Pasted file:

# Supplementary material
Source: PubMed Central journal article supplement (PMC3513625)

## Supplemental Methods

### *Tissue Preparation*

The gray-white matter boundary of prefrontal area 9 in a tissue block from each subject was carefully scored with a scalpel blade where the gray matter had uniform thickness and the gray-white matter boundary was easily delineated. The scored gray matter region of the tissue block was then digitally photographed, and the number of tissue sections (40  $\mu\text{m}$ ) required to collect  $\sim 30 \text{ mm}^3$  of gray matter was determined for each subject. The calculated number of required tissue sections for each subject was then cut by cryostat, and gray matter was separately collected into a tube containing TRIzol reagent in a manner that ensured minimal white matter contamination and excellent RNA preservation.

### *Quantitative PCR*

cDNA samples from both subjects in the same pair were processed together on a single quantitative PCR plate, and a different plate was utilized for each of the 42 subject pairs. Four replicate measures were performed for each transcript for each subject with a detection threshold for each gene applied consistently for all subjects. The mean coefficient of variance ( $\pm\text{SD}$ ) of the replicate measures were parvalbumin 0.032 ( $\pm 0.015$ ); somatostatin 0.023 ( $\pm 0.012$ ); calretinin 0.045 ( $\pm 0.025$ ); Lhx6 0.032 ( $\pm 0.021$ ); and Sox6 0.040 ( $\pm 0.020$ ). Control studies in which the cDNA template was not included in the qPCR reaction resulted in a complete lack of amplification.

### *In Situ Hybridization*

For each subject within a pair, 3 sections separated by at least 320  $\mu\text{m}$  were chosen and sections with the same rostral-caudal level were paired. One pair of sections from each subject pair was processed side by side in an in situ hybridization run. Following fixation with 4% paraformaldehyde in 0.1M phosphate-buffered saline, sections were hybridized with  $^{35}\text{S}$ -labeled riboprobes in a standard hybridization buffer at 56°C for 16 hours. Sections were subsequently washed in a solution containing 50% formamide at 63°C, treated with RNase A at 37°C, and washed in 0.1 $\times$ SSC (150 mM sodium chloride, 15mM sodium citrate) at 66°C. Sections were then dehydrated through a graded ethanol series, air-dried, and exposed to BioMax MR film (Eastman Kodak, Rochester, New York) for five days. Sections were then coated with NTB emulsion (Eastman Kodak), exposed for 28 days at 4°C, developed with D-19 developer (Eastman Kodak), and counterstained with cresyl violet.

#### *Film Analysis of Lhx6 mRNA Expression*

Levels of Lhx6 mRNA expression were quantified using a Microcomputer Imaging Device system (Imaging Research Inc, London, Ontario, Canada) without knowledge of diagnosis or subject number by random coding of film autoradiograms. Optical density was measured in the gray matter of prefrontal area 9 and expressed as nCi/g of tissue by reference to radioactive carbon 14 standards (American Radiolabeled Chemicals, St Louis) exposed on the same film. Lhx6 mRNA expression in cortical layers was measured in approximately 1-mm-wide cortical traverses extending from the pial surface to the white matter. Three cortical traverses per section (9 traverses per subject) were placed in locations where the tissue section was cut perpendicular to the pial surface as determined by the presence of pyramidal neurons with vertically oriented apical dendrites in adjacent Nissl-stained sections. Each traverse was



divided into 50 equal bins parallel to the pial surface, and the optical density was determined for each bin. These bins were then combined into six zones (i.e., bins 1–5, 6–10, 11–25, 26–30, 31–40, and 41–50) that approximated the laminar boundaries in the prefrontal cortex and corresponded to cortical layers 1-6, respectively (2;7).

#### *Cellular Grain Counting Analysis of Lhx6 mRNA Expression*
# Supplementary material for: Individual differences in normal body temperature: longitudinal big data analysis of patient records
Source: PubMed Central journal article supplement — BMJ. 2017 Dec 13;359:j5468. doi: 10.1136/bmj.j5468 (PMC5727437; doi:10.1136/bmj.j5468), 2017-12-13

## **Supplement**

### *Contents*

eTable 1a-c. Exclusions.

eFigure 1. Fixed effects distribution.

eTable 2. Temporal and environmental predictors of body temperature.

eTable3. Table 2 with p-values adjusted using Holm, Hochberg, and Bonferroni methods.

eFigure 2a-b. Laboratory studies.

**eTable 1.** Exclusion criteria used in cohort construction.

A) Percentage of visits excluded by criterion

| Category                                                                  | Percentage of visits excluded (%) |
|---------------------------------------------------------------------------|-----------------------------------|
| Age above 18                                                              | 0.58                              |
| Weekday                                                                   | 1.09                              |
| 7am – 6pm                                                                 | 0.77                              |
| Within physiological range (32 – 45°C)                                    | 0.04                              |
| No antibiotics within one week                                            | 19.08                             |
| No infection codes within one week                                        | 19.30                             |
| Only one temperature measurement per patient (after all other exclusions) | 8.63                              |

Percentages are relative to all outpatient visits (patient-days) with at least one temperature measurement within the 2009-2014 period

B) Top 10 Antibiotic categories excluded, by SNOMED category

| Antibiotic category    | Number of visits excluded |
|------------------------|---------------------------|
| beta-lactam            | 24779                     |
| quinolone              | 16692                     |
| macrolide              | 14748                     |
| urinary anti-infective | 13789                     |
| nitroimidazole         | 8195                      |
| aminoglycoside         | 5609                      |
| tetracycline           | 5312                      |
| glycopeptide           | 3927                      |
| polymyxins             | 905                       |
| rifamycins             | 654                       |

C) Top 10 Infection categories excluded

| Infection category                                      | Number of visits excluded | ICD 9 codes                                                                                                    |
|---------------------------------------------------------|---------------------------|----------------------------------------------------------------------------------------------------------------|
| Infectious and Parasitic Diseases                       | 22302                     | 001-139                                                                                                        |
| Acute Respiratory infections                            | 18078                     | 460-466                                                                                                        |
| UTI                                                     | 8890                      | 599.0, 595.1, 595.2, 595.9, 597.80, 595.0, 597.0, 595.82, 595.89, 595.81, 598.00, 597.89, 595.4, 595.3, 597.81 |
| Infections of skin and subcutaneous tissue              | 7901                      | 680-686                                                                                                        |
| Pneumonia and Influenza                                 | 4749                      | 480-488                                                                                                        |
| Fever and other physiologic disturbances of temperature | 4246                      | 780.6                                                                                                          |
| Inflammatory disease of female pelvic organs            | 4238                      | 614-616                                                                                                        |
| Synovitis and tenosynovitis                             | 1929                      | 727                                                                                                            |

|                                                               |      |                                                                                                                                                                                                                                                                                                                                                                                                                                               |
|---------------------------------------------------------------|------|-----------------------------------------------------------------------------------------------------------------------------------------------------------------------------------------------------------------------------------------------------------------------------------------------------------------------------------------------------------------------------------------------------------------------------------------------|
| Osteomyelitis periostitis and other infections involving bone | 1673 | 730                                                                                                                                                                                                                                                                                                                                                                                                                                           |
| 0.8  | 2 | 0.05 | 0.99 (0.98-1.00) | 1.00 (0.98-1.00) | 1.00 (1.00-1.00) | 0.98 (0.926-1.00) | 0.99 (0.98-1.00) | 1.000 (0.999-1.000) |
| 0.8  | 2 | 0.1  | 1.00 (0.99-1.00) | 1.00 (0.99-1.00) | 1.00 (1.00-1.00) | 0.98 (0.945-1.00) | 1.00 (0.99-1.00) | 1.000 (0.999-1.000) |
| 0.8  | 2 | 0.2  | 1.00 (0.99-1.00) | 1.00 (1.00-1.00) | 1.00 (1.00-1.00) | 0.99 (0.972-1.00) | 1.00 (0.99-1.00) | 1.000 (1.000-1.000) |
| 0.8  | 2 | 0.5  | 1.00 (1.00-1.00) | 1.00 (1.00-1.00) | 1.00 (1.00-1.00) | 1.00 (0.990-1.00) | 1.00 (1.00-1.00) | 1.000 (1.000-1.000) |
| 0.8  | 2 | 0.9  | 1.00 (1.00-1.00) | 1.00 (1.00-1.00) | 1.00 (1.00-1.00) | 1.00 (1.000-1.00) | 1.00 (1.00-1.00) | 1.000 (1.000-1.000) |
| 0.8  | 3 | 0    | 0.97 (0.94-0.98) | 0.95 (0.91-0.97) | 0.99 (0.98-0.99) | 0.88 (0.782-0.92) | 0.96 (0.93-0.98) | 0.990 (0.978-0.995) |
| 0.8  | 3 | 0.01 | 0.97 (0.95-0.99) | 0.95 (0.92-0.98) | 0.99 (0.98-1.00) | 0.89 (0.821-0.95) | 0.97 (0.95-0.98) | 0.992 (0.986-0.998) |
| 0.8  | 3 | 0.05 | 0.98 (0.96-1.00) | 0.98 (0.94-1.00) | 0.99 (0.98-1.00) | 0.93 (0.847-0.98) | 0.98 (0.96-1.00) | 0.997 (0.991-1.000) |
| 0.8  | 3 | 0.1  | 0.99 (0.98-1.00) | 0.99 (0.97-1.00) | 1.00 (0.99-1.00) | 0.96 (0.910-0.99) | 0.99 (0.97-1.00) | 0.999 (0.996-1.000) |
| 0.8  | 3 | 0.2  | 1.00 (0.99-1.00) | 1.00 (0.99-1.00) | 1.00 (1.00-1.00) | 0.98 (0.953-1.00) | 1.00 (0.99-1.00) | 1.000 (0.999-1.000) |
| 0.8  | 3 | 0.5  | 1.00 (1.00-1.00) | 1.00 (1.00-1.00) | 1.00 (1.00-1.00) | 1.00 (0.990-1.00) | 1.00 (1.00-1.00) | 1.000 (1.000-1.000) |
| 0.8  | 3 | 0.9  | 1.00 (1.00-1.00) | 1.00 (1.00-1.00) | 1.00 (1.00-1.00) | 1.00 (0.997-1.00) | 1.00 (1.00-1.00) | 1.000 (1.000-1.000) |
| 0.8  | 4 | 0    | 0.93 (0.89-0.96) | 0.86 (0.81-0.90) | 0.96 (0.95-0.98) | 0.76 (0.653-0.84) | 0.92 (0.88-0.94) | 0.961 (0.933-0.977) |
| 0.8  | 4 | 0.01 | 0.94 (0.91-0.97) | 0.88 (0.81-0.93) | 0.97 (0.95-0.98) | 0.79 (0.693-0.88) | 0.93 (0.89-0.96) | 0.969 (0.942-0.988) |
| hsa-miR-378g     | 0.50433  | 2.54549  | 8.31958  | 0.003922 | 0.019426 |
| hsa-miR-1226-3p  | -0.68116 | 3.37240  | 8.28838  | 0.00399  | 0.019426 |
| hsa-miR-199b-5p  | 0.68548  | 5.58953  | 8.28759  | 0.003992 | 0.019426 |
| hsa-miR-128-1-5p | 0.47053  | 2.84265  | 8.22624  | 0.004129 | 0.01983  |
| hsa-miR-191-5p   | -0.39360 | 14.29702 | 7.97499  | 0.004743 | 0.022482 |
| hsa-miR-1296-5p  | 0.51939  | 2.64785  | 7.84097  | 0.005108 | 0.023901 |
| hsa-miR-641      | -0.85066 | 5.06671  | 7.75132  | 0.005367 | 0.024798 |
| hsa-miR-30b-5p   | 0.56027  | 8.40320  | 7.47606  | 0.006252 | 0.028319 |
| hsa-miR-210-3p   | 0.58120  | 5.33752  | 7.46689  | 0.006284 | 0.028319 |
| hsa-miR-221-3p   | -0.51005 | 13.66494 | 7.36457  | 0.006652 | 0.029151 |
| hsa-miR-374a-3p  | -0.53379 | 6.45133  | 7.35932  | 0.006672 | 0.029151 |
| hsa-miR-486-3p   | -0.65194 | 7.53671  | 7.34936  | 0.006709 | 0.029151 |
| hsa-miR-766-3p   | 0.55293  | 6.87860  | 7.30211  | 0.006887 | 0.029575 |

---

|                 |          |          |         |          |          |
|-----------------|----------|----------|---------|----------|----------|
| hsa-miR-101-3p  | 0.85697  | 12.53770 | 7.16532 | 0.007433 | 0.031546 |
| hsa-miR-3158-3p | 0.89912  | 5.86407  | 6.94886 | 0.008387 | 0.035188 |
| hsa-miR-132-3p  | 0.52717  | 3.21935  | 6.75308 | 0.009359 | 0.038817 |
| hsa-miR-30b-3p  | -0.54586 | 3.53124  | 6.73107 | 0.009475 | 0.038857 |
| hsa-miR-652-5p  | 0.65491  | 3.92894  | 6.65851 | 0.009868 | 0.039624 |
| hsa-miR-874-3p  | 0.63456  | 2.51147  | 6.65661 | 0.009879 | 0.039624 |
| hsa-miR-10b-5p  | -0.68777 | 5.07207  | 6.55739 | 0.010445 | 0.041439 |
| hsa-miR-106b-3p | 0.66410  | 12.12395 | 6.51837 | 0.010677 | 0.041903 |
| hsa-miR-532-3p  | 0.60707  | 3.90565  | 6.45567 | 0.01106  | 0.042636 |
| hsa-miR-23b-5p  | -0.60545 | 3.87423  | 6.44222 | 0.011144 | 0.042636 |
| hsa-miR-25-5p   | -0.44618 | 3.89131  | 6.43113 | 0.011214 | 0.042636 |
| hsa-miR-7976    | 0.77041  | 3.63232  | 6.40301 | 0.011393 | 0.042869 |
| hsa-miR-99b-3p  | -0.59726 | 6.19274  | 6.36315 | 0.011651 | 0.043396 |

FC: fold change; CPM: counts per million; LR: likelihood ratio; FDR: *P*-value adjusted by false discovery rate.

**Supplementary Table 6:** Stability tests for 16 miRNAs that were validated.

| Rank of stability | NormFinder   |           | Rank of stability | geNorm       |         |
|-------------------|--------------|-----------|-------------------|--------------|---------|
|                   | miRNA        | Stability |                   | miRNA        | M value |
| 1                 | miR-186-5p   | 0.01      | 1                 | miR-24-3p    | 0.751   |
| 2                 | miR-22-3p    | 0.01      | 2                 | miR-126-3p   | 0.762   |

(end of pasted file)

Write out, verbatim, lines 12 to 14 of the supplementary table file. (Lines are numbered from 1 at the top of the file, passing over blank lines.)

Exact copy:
divided into 50 equal bins parallel to the pial surface, and the optical density was determined for each bin. These bins were then combined into six zones (i.e., bins 1–5, 6–10, 11–25, 26–30, 31–40, and 41–50) that approximated the laminar boundaries in the prefrontal cortex and corresponded to cortical layers 1-6, respectively (2;7).

#### *Cellular Grain Counting Analysis of Lhx6 mRNA Expression*
# Supplementary material for: Individual differences in normal body temperature: longitudinal big data analysis of patient records